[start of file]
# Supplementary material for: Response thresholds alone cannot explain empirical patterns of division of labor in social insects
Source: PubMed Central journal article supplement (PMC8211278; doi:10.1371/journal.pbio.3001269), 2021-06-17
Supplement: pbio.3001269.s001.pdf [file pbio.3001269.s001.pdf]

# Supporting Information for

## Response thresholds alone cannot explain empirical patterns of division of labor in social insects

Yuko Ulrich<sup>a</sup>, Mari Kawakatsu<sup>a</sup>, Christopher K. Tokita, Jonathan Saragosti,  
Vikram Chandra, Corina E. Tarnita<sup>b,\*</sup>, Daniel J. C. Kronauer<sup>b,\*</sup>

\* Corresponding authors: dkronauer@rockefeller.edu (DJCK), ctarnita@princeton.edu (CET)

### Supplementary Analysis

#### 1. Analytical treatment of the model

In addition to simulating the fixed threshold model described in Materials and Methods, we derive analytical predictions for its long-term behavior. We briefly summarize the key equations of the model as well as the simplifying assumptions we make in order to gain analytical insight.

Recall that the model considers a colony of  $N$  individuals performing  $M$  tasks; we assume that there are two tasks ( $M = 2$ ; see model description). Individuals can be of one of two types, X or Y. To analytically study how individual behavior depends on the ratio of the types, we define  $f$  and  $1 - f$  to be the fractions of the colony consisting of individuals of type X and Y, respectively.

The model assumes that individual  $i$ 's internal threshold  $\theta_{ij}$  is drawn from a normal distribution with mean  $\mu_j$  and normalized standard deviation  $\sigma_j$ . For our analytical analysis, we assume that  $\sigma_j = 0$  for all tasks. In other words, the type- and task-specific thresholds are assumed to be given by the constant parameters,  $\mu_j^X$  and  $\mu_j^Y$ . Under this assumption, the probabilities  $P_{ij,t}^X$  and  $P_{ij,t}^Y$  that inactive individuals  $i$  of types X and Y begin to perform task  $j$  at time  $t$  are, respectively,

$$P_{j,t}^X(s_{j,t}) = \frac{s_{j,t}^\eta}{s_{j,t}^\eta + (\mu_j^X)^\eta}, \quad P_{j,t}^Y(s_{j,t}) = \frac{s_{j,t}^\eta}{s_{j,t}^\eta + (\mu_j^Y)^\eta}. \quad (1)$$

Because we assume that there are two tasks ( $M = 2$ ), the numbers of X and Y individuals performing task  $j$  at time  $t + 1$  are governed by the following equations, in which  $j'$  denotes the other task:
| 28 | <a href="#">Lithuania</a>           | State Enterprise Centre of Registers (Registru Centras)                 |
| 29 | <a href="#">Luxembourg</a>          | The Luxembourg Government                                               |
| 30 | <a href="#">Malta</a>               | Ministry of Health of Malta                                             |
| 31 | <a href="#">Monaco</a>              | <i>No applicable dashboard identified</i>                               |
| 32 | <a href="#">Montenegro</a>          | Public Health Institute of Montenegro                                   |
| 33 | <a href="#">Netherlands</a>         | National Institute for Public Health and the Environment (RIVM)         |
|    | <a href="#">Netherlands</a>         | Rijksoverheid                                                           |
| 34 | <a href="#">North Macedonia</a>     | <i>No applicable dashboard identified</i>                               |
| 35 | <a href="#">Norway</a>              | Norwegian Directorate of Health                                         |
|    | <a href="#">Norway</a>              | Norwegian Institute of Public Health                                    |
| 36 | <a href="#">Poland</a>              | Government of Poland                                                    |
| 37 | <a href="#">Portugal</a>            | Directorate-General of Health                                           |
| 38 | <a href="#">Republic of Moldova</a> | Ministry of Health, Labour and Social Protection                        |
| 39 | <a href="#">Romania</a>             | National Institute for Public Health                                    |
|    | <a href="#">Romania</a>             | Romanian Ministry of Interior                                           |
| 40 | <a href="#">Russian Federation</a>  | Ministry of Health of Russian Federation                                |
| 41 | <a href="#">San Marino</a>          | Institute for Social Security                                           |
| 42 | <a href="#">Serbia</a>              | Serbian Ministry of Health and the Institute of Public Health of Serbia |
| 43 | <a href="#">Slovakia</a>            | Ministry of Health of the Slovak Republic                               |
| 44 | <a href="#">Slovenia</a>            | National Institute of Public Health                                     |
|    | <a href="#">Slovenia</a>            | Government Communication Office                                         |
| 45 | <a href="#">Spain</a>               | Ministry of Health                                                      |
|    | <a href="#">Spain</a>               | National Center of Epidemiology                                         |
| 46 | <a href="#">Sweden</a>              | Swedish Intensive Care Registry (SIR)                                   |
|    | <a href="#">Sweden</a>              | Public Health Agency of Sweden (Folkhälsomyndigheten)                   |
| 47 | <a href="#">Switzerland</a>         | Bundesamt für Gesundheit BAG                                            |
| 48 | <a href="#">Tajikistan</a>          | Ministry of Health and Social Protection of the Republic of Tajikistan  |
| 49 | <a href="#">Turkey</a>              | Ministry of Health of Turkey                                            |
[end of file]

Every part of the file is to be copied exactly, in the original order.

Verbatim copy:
# Supplementary material for: Response thresholds alone cannot explain empirical patterns of division of labor in social insects
Source: PubMed Central journal article supplement (PMC8211278; doi:10.1371/journal.pbio.3001269), 2021-06-17
Supplement: pbio.3001269.s001.pdf [file pbio.3001269.s001.pdf]

# Supporting Information for

## Response thresholds alone cannot explain empirical patterns of division of labor in social insects

Yuko Ulrich<sup>a</sup>, Mari Kawakatsu<sup>a</sup>, Christopher K. Tokita, Jonathan Saragosti,  
Vikram Chandra, Corina E. Tarnita<sup>b,\*</sup>, Daniel J. C. Kronauer<sup>b,\*</sup>

\* Corresponding authors: dkronauer@rockefeller.edu (DJCK), ctarnita@princeton.edu (CET)

### Supplementary Analysis

#### 1. Analytical treatment of the model

In addition to simulating the fixed threshold model described in Materials and Methods, we derive analytical predictions for its long-term behavior. We briefly summarize the key equations of the model as well as the simplifying assumptions we make in order to gain analytical insight.

Recall that the model considers a colony of  $N$  individuals performing  $M$  tasks; we assume that there are two tasks ( $M = 2$ ; see model description). Individuals can be of one of two types, X or Y. To analytically study how individual behavior depends on the ratio of the types, we define  $f$  and  $1 - f$  to be the fractions of the colony consisting of individuals of type X and Y, respectively.

The model assumes that individual  $i$ 's internal threshold  $\theta_{ij}$  is drawn from a normal distribution with mean  $\mu_j$  and normalized standard deviation  $\sigma_j$ . For our analytical analysis, we assume that  $\sigma_j = 0$  for all tasks. In other words, the type- and task-specific thresholds are assumed to be given by the constant parameters,  $\mu_j^X$  and  $\mu_j^Y$ . Under this assumption, the probabilities  $P_{ij,t}^X$  and  $P_{ij,t}^Y$  that inactive individuals  $i$  of types X and Y begin to perform task  $j$  at time  $t$  are, respectively,

$$P_{j,t}^X(s_{j,t}) = \frac{s_{j,t}^\eta}{s_{j,t}^\eta + (\mu_j^X)^\eta}, \quad P_{j,t}^Y(s_{j,t}) = \frac{s_{j,t}^\eta}{s_{j,t}^\eta + (\mu_j^Y)^\eta}. \quad (1)$$

Because we assume that there are two tasks ( $M = 2$ ), the numbers of X and Y individuals performing task  $j$  at time  $t + 1$  are governed by the following equations, in which  $j'$  denotes the other task:
| 28 | <a href="#">Lithuania</a>           | State Enterprise Centre of Registers (Registru Centras)                 |
| 29 | <a href="#">Luxembourg</a>          | The Luxembourg Government                                               |
| 30 | <a href="#">Malta</a>               | Ministry of Health of Malta                                             |
| 31 | <a href="#">Monaco</a>              | <i>No applicable dashboard identified</i>                               |
| 32 | <a href="#">Montenegro</a>          | Public Health Institute of Montenegro                                   |
| 33 | <a href="#">Netherlands</a>         | National Institute for Public Health and the Environment (RIVM)         |
|    | <a href="#">Netherlands</a>         | Rijksoverheid                                                           |
| 34 | <a href="#">North Macedonia</a>     | <i>No applicable dashboard identified</i>                               |
| 35 | <a href="#">Norway</a>              | Norwegian Directorate of Health                                         |
|    | <a href="#">Norway</a>              | Norwegian Institute of Public Health                                    |
| 36 | <a href="#">Poland</a>              | Government of Poland                                                    |
| 37 | <a href="#">Portugal</a>            | Directorate-General of Health                                           |
| 38 | <a href="#">Republic of Moldova</a> | Ministry of Health, Labour and Social Protection                        |
| 39 | <a href="#">Romania</a>             | National Institute for Public Health                                    |
|    | <a href="#">Romania</a>             | Romanian Ministry of Interior                                           |
| 40 | <a href="#">Russian Federation</a>  | Ministry of Health of Russian Federation                                |
| 41 | <a href="#">San Marino</a>          | Institute for Social Security                                           |
| 42 | <a href="#">Serbia</a>              | Serbian Ministry of Health and the Institute of Public Health of Serbia |
| 43 | <a href="#">Slovakia</a>            | Ministry of Health of the Slovak Republic                               |
| 44 | <a href="#">Slovenia</a>            | National Institute of Public Health                                     |
|    | <a href="#">Slovenia</a>            | Government Communication Office                                         |
| 45 | <a href="#">Spain</a>               | Ministry of Health                                                      |
|    | <a href="#">Spain</a>               | National Center of Epidemiology                                         |
| 46 | <a href="#">Sweden</a>              | Swedish Intensive Care Registry (SIR)                                   |
|    | <a href="#">Sweden</a>              | Public Health Agency of Sweden (Folkhälsomyndigheten)                   |
| 47 | <a href="#">Switzerland</a>         | Bundesamt für Gesundheit BAG                                            |
| 48 | <a href="#">Tajikistan</a>          | Ministry of Health and Social Protection of the Republic of Tajikistan  |
| 49 | <a href="#">Turkey</a>              | Ministry of Health of Turkey                                            |